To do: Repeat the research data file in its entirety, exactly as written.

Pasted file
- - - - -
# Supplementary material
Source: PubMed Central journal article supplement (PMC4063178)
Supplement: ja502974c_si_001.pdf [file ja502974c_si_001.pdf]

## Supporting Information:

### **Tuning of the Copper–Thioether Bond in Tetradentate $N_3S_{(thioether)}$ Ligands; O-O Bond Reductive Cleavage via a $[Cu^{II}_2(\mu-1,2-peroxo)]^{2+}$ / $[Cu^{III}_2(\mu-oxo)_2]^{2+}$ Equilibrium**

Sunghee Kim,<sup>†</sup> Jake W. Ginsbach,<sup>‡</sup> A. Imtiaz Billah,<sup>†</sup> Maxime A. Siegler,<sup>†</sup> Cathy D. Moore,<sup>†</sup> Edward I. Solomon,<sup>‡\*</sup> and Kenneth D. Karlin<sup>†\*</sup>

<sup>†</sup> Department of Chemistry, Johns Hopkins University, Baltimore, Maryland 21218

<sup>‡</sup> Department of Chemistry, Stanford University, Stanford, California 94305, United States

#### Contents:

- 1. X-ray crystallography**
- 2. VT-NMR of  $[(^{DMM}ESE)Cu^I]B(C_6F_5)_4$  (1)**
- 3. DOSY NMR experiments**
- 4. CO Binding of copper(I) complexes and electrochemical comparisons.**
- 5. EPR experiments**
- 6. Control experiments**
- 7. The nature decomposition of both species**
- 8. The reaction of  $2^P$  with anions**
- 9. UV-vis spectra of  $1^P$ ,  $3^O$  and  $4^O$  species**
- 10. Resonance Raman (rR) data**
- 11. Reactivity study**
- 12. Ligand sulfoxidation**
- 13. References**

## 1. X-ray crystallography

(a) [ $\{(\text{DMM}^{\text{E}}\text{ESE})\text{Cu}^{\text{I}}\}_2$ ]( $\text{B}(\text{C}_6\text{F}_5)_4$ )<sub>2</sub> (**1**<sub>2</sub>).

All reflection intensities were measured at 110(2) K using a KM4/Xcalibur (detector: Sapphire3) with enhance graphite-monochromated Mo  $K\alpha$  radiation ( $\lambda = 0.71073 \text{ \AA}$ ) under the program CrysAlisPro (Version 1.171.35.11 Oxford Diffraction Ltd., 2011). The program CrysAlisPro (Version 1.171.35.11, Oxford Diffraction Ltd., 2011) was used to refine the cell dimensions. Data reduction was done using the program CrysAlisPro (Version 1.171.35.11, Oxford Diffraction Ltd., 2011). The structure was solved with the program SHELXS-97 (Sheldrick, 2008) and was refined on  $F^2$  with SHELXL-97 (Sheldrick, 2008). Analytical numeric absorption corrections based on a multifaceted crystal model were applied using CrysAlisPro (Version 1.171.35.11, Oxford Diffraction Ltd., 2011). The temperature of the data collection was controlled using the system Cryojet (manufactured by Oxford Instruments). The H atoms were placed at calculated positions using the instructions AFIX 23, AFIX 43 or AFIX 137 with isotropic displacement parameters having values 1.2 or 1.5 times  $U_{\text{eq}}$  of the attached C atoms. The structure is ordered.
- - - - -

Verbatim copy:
# Supplementary material
Source: PubMed Central journal article supplement (PMC4063178)
Supplement: ja502974c_si_001.pdf [file ja502974c_si_001.pdf]

## Supporting Information:

### **Tuning of the Copper–Thioether Bond in Tetradentate $N_3S_{(thioether)}$ Ligands; O-O Bond Reductive Cleavage via a $[Cu^{II}_2(\mu-1,2-peroxo)]^{2+}$ / $[Cu^{III}_2(\mu-oxo)_2]^{2+}$ Equilibrium**

Sunghee Kim,<sup>†</sup> Jake W. Ginsbach,<sup>‡</sup> A. Imtiaz Billah,<sup>†</sup> Maxime A. Siegler,<sup>†</sup> Cathy D. Moore,<sup>†</sup> Edward I. Solomon,<sup>‡\*</sup> and Kenneth D. Karlin<sup>†\*</sup>

<sup>†</sup> Department of Chemistry, Johns Hopkins University, Baltimore, Maryland 21218

<sup>‡</sup> Department of Chemistry, Stanford University, Stanford, California 94305, United States

#### Contents:

- 1. X-ray crystallography**
- 2. VT-NMR of  $[(^{DMM}ESE)Cu^I]B(C_6F_5)_4$  (1)**
- 3. DOSY NMR experiments**
- 4. CO Binding of copper(I) complexes and electrochemical comparisons.**
- 5. EPR experiments**
- 6. Control experiments**
- 7. The nature decomposition of both species**
- 8. The reaction of  $2^P$  with anions**
- 9. UV-vis spectra of  $1^P$ ,  $3^O$  and  $4^O$  species**
- 10. Resonance Raman (rR) data**
- 11. Reactivity study**
- 12. Ligand sulfoxidation**
- 13. References**

## 1. X-ray crystallography

(a) [ $\{(\text{DMM}^{\text{E}}\text{ESE})\text{Cu}^{\text{I}}\}_2$ ]( $\text{B}(\text{C}_6\text{F}_5)_4$ )<sub>2</sub> (**1**<sub>2</sub>).

All reflection intensities were measured at 110(2) K using a KM4/Xcalibur (detector: Sapphire3) with enhance graphite-monochromated Mo  $K\alpha$  radiation ( $\lambda = 0.71073 \text{ \AA}$ ) under the program CrysAlisPro (Version 1.171.35.11 Oxford Diffraction Ltd., 2011). The program CrysAlisPro (Version 1.171.35.11, Oxford Diffraction Ltd., 2011) was used to refine the cell dimensions. Data reduction was done using the program CrysAlisPro (Version 1.171.35.11, Oxford Diffraction Ltd., 2011). The structure was solved with the program SHELXS-97 (Sheldrick, 2008) and was refined on  $F^2$  with SHELXL-97 (Sheldrick, 2008). Analytical numeric absorption corrections based on a multifaceted crystal model were applied using CrysAlisPro (Version 1.171.35.11, Oxford Diffraction Ltd., 2011). The temperature of the data collection was controlled using the system Cryojet (manufactured by Oxford Instruments). The H atoms were placed at calculated positions using the instructions AFIX 23, AFIX 43 or AFIX 137 with isotropic displacement parameters having values 1.2 or 1.5 times  $U_{\text{eq}}$  of the attached C atoms. The structure is ordered.